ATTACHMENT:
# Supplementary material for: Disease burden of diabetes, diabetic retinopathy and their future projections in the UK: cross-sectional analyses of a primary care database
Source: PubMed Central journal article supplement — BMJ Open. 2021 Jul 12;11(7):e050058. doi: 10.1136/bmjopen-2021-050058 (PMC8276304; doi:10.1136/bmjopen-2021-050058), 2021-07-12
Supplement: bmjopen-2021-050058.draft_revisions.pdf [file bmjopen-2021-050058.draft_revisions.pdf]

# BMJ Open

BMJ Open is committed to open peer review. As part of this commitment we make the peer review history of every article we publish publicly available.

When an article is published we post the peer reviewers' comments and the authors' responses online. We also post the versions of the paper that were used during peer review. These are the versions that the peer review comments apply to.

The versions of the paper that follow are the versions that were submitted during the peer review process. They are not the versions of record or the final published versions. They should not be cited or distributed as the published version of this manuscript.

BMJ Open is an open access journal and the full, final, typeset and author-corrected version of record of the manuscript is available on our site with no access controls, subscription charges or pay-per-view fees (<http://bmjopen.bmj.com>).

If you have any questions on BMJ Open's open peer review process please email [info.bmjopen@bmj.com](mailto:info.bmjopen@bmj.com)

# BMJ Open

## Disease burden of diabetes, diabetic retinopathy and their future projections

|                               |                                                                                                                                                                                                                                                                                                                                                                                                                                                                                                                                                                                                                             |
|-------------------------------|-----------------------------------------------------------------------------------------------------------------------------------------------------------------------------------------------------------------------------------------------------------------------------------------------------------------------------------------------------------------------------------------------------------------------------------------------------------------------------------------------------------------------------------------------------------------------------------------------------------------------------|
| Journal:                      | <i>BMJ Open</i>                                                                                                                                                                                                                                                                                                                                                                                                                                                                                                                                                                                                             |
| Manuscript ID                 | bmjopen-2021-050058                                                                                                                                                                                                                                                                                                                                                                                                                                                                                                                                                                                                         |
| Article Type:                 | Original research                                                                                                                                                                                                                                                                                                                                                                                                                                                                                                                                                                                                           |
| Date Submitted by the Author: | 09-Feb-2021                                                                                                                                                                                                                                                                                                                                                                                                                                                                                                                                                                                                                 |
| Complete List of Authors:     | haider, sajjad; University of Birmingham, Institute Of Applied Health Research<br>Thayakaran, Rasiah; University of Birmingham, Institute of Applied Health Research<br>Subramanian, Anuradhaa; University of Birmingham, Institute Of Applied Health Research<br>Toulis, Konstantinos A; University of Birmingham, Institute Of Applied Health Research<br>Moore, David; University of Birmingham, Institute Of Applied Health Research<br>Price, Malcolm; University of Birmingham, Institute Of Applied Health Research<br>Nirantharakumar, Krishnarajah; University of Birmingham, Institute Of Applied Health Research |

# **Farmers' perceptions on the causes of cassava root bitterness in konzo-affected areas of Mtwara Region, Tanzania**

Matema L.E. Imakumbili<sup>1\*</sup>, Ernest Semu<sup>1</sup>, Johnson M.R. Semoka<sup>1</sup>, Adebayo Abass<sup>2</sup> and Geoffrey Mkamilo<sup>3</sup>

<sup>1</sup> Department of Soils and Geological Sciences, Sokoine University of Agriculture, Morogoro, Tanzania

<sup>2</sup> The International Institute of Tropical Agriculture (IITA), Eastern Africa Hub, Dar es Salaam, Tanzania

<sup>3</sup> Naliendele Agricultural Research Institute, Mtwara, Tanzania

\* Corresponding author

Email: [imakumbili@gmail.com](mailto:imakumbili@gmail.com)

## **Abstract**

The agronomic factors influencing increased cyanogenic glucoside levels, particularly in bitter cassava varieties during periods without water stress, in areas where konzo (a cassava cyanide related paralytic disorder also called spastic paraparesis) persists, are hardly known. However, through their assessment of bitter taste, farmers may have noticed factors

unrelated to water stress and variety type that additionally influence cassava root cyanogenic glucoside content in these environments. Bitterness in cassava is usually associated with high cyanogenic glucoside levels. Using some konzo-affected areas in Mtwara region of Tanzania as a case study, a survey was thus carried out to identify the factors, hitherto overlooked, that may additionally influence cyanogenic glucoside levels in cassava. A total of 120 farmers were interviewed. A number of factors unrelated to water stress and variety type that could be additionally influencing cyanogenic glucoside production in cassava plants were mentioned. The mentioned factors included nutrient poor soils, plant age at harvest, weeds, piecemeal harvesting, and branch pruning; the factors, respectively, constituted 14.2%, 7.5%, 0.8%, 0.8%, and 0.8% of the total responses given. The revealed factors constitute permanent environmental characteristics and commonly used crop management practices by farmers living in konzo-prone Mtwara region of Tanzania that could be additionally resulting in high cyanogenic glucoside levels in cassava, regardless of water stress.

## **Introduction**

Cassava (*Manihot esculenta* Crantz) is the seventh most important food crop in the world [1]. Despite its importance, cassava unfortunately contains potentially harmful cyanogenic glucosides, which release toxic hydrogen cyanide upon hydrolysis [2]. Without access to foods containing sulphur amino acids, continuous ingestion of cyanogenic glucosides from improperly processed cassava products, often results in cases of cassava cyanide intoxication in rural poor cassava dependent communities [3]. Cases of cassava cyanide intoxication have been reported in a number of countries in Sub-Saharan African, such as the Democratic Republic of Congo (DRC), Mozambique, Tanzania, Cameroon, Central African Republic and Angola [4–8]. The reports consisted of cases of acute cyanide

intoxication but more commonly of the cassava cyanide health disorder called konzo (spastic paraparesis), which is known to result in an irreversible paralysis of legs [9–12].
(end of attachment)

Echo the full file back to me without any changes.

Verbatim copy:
# Supplementary material for: Disease burden of diabetes, diabetic retinopathy and their future projections in the UK: cross-sectional analyses of a primary care database
Source: PubMed Central journal article supplement — BMJ Open. 2021 Jul 12;11(7):e050058. doi: 10.1136/bmjopen-2021-050058 (PMC8276304; doi:10.1136/bmjopen-2021-050058), 2021-07-12
Supplement: bmjopen-2021-050058.draft_revisions.pdf [file bmjopen-2021-050058.draft_revisions.pdf]

# BMJ Open

BMJ Open is committed to open peer review. As part of this commitment we make the peer review history of every article we publish publicly available.

When an article is published we post the peer reviewers' comments and the authors' responses online. We also post the versions of the paper that were used during peer review. These are the versions that the peer review comments apply to.

The versions of the paper that follow are the versions that were submitted during the peer review process. They are not the versions of record or the final published versions. They should not be cited or distributed as the published version of this manuscript.

BMJ Open is an open access journal and the full, final, typeset and author-corrected version of record of the manuscript is available on our site with no access controls, subscription charges or pay-per-view fees (<http://bmjopen.bmj.com>).

If you have any questions on BMJ Open's open peer review process please email [info.bmjopen@bmj.com](mailto:info.bmjopen@bmj.com)

# BMJ Open

## Disease burden of diabetes, diabetic retinopathy and their future projections

|                               |                                                                                                                                                                                                                                                                                                                                                                                                                                                                                                                                                                                                                             |
|-------------------------------|-----------------------------------------------------------------------------------------------------------------------------------------------------------------------------------------------------------------------------------------------------------------------------------------------------------------------------------------------------------------------------------------------------------------------------------------------------------------------------------------------------------------------------------------------------------------------------------------------------------------------------|
| Journal:                      | <i>BMJ Open</i>                                                                                                                                                                                                                                                                                                                                                                                                                                                                                                                                                                                                             |
| Manuscript ID                 | bmjopen-2021-050058                                                                                                                                                                                                                                                                                                                                                                                                                                                                                                                                                                                                         |
| Article Type:                 | Original research                                                                                                                                                                                                                                                                                                                                                                                                                                                                                                                                                                                                           |
| Date Submitted by the Author: | 09-Feb-2021                                                                                                                                                                                                                                                                                                                                                                                                                                                                                                                                                                                                                 |
| Complete List of Authors:     | haider, sajjad; University of Birmingham, Institute Of Applied Health Research<br>Thayakaran, Rasiah; University of Birmingham, Institute of Applied Health Research<br>Subramanian, Anuradhaa; University of Birmingham, Institute Of Applied Health Research<br>Toulis, Konstantinos A; University of Birmingham, Institute Of Applied Health Research<br>Moore, David; University of Birmingham, Institute Of Applied Health Research<br>Price, Malcolm; University of Birmingham, Institute Of Applied Health Research<br>Nirantharakumar, Krishnarajah; University of Birmingham, Institute Of Applied Health Research |

# **Farmers' perceptions on the causes of cassava root bitterness in konzo-affected areas of Mtwara Region, Tanzania**

Matema L.E. Imakumbili<sup>1\*</sup>, Ernest Semu<sup>1</sup>, Johnson M.R. Semoka<sup>1</sup>, Adebayo Abass<sup>2</sup> and Geoffrey Mkamilo<sup>3</sup>

<sup>1</sup> Department of Soils and Geological Sciences, Sokoine University of Agriculture, Morogoro, Tanzania

<sup>2</sup> The International Institute of Tropical Agriculture (IITA), Eastern Africa Hub, Dar es Salaam, Tanzania

<sup>3</sup> Naliendele Agricultural Research Institute, Mtwara, Tanzania

\* Corresponding author

Email: [imakumbili@gmail.com](mailto:imakumbili@gmail.com)

## **Abstract**

The agronomic factors influencing increased cyanogenic glucoside levels, particularly in bitter cassava varieties during periods without water stress, in areas where konzo (a cassava cyanide related paralytic disorder also called spastic paraparesis) persists, are hardly known. However, through their assessment of bitter taste, farmers may have noticed factors

unrelated to water stress and variety type that additionally influence cassava root cyanogenic glucoside content in these environments. Bitterness in cassava is usually associated with high cyanogenic glucoside levels. Using some konzo-affected areas in Mtwara region of Tanzania as a case study, a survey was thus carried out to identify the factors, hitherto overlooked, that may additionally influence cyanogenic glucoside levels in cassava. A total of 120 farmers were interviewed. A number of factors unrelated to water stress and variety type that could be additionally influencing cyanogenic glucoside production in cassava plants were mentioned. The mentioned factors included nutrient poor soils, plant age at harvest, weeds, piecemeal harvesting, and branch pruning; the factors, respectively, constituted 14.2%, 7.5%, 0.8%, 0.8%, and 0.8% of the total responses given. The revealed factors constitute permanent environmental characteristics and commonly used crop management practices by farmers living in konzo-prone Mtwara region of Tanzania that could be additionally resulting in high cyanogenic glucoside levels in cassava, regardless of water stress.

## **Introduction**

Cassava (*Manihot esculenta* Crantz) is the seventh most important food crop in the world [1]. Despite its importance, cassava unfortunately contains potentially harmful cyanogenic glucosides, which release toxic hydrogen cyanide upon hydrolysis [2]. Without access to foods containing sulphur amino acids, continuous ingestion of cyanogenic glucosides from improperly processed cassava products, often results in cases of cassava cyanide intoxication in rural poor cassava dependent communities [3]. Cases of cassava cyanide intoxication have been reported in a number of countries in Sub-Saharan African, such as the Democratic Republic of Congo (DRC), Mozambique, Tanzania, Cameroon, Central African Republic and Angola [4–8]. The reports consisted of cases of acute cyanide

intoxication but more commonly of the cassava cyanide health disorder called konzo (spastic paraparesis), which is known to result in an irreversible paralysis of legs [9–12].